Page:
Zwift Training – Rolling Climbs

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Zwift Training – Rolling Climbs

Zwift training is a hot new form of indoor training that has people excited.  In a nutshell, Zwift training allows you to sit on a trainer in your living room and ride in a virtual environment with people from all over the world who are doing the exact same thing.

How cool is that?

In previous videos, I discussed how to include some Fartlek training in your Zwift training sessions and how to use the new workout builder to create a custom workout in Zwift.  In this video, I'm going to explain and demonstrate how to roll a climb.  This kind of skill work is a perfect use of your Zwift training time because it's hard to understand how to execute it properly without being out on the road.  Fortunately, Zwift is the perfect virtual road to demonstrate on.

Check out the video below and then read on for some additional tips to help get a little more out of your Zwift training session.

Tips for adding “rollovers” to your Zwift training

If you want to get the most out of your Zwift training, you'll need to do something more than just jumping on your bike and riding around.  Sure, Fartlek training with Zwift is pretty easy and it doesn't require much thought.  That ignores the fact that Zwift is the perfect platform for working on your fundamentals.  You can add some rollover work to your training each time you log into Zwift and when you head outdoors, you'll find that rolling climbs is almost second nature.

To add rollovers in Zwift, you'll need to follow a few simple guidelines:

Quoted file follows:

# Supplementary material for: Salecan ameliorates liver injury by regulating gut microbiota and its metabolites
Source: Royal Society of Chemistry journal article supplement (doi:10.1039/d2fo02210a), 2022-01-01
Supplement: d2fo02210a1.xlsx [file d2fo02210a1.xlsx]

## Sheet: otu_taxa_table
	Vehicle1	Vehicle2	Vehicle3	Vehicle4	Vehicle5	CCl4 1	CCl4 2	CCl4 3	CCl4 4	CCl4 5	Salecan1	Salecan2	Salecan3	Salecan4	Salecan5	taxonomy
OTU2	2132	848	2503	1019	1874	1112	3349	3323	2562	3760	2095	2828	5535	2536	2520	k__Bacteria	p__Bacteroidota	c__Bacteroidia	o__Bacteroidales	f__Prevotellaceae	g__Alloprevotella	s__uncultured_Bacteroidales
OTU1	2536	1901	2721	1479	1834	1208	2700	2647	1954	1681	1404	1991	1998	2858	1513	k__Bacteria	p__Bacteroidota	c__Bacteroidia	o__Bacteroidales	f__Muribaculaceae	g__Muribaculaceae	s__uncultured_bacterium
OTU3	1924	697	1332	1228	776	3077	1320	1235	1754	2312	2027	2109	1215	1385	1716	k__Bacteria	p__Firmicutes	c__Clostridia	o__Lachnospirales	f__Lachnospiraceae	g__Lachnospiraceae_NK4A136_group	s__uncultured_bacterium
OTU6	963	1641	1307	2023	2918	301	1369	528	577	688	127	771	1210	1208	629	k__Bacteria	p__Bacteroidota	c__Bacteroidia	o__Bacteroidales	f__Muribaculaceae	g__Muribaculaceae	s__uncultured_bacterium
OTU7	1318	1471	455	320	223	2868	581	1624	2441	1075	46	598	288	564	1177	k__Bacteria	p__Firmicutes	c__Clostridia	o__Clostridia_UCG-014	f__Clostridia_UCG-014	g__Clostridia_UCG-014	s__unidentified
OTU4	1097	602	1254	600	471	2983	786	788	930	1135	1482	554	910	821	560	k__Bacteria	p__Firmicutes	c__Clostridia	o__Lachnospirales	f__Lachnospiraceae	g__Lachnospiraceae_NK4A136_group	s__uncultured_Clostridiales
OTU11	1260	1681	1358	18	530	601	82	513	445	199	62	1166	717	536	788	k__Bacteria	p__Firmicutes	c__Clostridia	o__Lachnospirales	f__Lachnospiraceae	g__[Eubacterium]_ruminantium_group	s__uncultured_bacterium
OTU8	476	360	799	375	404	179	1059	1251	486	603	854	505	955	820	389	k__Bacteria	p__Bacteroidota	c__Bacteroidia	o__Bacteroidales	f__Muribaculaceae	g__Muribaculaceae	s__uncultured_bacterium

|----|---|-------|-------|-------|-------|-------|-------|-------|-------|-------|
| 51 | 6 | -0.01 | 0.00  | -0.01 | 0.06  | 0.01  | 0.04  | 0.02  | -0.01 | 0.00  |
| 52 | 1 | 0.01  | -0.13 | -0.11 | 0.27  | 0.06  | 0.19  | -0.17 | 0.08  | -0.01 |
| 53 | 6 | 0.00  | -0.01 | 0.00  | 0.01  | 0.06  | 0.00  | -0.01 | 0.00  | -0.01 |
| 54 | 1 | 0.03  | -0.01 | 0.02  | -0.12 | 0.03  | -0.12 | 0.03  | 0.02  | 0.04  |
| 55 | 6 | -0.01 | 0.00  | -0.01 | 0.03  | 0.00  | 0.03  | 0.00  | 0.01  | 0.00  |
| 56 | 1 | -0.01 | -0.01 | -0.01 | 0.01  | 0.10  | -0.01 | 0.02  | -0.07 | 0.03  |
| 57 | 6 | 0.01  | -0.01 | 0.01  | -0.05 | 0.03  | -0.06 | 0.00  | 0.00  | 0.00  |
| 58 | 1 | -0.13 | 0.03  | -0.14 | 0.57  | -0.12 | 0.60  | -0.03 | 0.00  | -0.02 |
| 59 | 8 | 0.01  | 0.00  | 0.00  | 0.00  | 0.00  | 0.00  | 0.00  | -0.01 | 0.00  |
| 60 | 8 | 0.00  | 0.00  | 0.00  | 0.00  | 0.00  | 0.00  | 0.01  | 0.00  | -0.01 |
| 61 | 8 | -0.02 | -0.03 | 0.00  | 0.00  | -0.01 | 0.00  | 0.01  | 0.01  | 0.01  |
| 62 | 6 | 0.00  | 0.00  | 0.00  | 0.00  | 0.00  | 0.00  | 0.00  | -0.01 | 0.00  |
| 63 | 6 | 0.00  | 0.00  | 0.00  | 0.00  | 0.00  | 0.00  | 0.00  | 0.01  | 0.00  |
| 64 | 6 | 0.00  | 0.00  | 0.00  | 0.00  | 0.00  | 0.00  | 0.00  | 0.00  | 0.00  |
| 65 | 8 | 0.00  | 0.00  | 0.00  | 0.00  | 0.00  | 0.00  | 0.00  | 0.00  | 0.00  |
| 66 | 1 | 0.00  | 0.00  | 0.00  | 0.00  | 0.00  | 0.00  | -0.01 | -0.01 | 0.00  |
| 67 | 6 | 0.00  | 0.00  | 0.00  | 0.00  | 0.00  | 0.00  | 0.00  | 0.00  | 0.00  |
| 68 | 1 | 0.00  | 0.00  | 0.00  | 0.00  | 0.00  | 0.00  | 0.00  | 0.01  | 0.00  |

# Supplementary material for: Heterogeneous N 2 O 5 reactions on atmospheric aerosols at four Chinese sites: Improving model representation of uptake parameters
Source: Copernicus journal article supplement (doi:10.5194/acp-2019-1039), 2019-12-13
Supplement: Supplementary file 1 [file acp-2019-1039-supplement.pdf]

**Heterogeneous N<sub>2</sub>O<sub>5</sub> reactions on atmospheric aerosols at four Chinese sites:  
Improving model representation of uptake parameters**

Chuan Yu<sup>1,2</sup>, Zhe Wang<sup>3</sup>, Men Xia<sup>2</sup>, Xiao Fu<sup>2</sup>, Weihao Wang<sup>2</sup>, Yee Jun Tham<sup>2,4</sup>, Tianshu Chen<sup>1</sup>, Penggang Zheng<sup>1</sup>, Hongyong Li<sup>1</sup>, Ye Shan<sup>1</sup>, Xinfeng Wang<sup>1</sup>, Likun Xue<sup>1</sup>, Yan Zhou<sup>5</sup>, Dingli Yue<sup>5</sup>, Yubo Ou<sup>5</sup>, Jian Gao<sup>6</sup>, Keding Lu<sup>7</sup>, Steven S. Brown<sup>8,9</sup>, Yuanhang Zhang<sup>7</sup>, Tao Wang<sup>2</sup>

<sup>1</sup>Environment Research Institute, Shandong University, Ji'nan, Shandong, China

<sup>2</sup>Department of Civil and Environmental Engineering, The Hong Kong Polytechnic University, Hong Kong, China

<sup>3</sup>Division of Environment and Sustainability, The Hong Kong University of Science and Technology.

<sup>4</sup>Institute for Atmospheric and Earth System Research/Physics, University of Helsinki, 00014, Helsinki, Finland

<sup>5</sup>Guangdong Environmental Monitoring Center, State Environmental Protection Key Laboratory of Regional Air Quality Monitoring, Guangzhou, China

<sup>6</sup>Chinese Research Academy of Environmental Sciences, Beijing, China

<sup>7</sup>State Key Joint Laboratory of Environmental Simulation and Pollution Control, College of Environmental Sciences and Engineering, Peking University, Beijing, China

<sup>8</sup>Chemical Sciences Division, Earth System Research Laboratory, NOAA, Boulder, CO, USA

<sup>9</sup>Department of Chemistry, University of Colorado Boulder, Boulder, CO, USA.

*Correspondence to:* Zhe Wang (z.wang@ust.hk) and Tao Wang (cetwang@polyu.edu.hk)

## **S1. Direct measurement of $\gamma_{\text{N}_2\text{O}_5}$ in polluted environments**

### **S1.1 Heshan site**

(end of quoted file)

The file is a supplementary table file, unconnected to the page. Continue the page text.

You can practice rollovers on any climb or hill, not just the timed ones (although these timed climbs are perfect because you'll have a good idea of how long the climb will be and you can dose your effort accordingly.)

  • Start your climb at a sustainable pace, around FTP or just a little over.
  • About half way through the climb, ratchet up the pace another 10% or so and push a bit harder.
  • With about 90% of the climb done, accelerate again to about 150% of FTP to get to the crest of the climb.
  • Sit down, shift to an easier gear and start spinning a big gear as you fly down the back of the climb.
  • Maintain that fast cadence for 15 to 20 seconds to condition your body and get it used to working hard after the climb is over.

You'll see yourself flying past other people who soft-pedaled or coasted down the descent.  As I mentioned in the video, this technique will annoy the skinny climbers in your weekly group ride or in a race.  It's the perfect way to level the playing field if you've got extra muscle mass you can leverage on a flat or downhill section.  Even if a better climber puts 100 meters into you by the crest of a climb, if you roll it over and they don't, you'll find yourself back on their wheel in no time.

Don't forget that you can use this technique when there's a false flat after the crest of a climb, too.  It's also a great tool to use for repeated rollers: the momentum you gain down the back of each roller will help you to punch up the next one much easier.  And it goes without saying: the more you practice this technique, the more automatic it becomes and the more you'll use it outdoors.

Want to get involved in some training on Zwift?  You'll need a couple of things: an

ANT+ key, a trainer (I recommend the
Kurt Kinetic Road Machine unless you go for a smart trainer) and a

About the Author:

After graduating from Ithaca College with a degree in Exercise and Sport Science/Pharmacology, I continued my education with a doctorate of Chiropractic from New York Chiropractic College. As I progressed through my education, I was able to apply the concepts I learned in the lab to my own daily workouts and goals. At the time, I was following some of the principles of traditional coaching and getting mediocre results. Frustrated, I realized that if I could apply all my physiology, chemistry, nutrition and training knowledge, I could “build a better mousetrap” not just for my own training, but for other athletes. With this goal in mind, I started Tailwind Coaching, to help cyclists [with busy lives and limited training time] become stronger, faster, fitter and healthier. And while I may not be a ex-ProTour rider, an Olympic Coach or even a prolific race winner, I am something that most coaches are not: a regular guy just like you who has a job, a family and a desire to be a stronger cyclist.